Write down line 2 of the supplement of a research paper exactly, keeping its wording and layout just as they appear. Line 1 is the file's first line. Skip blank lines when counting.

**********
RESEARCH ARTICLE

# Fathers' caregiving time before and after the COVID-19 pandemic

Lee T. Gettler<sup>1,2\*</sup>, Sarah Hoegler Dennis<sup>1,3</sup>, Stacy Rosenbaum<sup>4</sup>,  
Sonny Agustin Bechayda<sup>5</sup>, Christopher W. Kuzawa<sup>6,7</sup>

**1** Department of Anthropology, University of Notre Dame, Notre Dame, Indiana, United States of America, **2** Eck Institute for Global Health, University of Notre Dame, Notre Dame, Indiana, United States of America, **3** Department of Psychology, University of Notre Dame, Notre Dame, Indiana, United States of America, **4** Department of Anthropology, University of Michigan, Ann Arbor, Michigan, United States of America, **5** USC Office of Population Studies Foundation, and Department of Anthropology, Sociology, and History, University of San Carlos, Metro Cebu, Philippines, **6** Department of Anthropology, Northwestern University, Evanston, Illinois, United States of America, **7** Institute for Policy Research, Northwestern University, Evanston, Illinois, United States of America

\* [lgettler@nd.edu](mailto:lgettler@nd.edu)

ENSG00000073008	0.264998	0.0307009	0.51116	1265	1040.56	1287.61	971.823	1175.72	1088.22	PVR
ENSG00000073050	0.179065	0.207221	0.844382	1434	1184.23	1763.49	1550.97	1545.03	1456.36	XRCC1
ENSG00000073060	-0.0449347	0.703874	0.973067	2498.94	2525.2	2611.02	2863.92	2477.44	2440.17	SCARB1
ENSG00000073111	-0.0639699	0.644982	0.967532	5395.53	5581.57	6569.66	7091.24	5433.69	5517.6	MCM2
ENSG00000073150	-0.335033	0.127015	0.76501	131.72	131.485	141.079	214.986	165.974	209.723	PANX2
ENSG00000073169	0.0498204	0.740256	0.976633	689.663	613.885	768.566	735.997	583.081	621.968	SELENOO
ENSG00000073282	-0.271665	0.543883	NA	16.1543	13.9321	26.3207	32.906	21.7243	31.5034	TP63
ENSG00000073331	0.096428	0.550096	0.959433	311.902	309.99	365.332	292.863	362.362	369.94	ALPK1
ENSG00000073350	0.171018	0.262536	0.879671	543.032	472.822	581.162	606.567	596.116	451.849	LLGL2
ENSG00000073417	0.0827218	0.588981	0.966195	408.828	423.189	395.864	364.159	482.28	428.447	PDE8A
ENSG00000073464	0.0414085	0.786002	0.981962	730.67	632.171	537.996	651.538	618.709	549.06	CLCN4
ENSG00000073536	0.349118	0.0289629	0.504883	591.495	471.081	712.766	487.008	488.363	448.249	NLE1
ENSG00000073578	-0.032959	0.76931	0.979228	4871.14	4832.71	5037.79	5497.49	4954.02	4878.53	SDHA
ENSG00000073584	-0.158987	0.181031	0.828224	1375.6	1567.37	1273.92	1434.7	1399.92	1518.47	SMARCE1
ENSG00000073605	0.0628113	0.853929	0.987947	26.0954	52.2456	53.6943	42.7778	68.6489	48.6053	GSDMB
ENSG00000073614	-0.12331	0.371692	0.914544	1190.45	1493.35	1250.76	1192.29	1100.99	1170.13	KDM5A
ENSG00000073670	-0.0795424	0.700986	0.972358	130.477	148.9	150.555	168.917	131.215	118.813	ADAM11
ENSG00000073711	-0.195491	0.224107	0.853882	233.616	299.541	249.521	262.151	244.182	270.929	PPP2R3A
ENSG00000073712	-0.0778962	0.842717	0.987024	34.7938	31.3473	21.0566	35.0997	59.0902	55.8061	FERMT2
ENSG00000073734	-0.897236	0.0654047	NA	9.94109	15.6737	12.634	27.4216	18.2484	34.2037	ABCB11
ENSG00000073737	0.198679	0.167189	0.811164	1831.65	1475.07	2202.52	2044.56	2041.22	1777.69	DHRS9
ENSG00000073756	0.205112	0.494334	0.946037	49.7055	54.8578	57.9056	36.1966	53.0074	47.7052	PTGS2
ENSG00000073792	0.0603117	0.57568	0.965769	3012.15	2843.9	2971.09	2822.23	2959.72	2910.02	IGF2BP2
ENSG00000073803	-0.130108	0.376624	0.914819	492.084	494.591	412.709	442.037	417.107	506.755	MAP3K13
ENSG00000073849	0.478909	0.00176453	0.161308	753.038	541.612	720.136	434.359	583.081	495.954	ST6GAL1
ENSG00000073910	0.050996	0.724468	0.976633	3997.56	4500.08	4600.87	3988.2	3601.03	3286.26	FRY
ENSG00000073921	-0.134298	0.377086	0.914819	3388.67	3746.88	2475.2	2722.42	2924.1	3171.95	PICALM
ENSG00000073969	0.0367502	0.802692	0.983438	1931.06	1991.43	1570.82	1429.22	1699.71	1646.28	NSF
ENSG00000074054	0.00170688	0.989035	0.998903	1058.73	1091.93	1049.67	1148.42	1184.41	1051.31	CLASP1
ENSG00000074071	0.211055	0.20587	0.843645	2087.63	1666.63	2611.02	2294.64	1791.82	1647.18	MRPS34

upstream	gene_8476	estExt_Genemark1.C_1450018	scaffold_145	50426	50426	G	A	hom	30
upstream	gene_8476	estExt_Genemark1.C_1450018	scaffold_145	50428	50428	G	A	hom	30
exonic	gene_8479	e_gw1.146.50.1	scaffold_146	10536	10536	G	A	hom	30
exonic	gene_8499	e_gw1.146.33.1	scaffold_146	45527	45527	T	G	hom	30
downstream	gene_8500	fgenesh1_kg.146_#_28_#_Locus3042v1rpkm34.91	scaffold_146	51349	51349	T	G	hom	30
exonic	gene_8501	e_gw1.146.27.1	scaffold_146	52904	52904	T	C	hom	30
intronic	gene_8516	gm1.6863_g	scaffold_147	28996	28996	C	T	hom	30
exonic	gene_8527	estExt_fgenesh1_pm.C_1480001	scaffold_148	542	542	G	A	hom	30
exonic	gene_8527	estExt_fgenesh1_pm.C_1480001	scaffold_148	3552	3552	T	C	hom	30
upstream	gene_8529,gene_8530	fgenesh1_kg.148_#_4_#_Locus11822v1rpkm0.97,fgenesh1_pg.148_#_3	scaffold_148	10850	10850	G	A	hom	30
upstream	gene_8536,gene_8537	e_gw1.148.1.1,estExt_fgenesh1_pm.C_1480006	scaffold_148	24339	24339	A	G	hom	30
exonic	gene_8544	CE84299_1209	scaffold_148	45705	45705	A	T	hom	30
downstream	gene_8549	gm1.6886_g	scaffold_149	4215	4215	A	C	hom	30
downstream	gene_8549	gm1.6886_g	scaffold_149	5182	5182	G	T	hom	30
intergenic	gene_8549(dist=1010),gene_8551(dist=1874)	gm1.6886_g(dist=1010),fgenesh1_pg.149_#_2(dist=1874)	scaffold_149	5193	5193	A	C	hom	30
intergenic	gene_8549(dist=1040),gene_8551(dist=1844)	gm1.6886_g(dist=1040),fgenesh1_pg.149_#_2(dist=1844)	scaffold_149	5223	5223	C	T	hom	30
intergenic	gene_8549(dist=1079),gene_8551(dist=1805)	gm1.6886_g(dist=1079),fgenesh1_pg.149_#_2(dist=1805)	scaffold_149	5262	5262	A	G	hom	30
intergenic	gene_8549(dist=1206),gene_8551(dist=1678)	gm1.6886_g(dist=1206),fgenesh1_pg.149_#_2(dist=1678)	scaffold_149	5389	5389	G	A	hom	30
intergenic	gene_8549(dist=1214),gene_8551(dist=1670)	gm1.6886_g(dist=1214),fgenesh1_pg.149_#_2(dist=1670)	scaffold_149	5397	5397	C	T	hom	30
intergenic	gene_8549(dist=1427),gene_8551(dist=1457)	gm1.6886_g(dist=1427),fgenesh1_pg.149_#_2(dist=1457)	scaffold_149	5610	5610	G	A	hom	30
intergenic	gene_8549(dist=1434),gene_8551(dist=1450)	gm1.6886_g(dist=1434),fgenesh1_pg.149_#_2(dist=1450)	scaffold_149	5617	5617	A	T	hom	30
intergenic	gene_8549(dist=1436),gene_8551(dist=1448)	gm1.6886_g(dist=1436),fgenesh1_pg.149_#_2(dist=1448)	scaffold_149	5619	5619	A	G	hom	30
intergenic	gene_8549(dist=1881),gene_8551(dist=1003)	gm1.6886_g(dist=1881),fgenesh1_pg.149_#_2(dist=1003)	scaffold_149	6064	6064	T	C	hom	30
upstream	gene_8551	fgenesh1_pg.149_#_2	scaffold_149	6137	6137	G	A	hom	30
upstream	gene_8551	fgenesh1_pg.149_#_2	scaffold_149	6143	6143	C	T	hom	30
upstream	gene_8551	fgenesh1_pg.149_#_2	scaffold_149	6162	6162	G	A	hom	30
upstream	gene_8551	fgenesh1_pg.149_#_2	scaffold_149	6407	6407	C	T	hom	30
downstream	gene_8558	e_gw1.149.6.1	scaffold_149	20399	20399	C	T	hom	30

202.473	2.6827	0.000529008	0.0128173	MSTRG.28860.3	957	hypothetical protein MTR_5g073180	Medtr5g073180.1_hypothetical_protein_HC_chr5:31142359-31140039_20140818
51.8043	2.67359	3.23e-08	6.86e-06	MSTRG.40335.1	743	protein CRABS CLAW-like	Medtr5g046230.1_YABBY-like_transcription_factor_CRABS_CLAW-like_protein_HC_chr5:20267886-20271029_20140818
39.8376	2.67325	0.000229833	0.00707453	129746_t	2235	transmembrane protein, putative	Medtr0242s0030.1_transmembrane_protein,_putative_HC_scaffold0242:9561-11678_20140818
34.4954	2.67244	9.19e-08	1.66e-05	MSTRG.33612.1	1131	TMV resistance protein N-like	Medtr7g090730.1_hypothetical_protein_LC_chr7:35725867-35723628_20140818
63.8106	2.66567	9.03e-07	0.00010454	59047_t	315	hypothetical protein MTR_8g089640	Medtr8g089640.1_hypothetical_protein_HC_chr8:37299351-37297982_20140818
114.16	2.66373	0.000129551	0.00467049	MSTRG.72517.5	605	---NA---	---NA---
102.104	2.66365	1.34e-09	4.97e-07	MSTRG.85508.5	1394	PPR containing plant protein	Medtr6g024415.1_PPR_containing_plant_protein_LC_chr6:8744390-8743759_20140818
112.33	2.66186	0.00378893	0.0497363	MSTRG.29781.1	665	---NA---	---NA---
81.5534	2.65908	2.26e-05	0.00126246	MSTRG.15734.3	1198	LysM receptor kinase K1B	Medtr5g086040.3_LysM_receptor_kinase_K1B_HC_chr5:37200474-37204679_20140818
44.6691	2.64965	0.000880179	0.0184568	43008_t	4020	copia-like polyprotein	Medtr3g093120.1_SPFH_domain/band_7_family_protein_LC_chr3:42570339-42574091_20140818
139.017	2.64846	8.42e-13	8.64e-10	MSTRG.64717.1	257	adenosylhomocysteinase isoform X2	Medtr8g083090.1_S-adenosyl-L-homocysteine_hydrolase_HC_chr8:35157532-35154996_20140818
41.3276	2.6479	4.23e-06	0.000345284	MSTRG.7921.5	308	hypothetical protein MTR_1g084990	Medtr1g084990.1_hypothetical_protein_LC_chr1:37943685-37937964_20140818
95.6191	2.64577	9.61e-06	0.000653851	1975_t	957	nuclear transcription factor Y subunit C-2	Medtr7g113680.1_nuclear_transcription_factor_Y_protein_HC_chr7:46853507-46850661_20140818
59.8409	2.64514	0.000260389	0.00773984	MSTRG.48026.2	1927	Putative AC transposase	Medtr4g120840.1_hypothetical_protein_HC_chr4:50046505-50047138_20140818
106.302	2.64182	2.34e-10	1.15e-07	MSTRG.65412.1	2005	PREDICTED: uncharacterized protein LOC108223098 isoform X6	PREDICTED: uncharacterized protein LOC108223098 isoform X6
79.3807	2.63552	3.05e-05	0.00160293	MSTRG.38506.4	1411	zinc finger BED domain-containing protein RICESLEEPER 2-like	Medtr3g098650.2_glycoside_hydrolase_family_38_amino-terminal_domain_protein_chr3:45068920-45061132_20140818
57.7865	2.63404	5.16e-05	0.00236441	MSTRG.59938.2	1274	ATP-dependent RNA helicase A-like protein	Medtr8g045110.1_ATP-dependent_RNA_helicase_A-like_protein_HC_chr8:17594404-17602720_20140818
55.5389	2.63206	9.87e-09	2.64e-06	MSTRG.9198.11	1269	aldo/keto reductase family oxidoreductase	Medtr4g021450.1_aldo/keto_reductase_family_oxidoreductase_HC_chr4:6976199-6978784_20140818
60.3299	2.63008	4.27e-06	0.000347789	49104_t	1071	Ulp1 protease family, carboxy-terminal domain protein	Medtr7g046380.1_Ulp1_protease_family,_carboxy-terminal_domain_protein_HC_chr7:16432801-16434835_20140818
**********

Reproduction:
# Fathers' caregiving time before and after the COVID-19 pandemic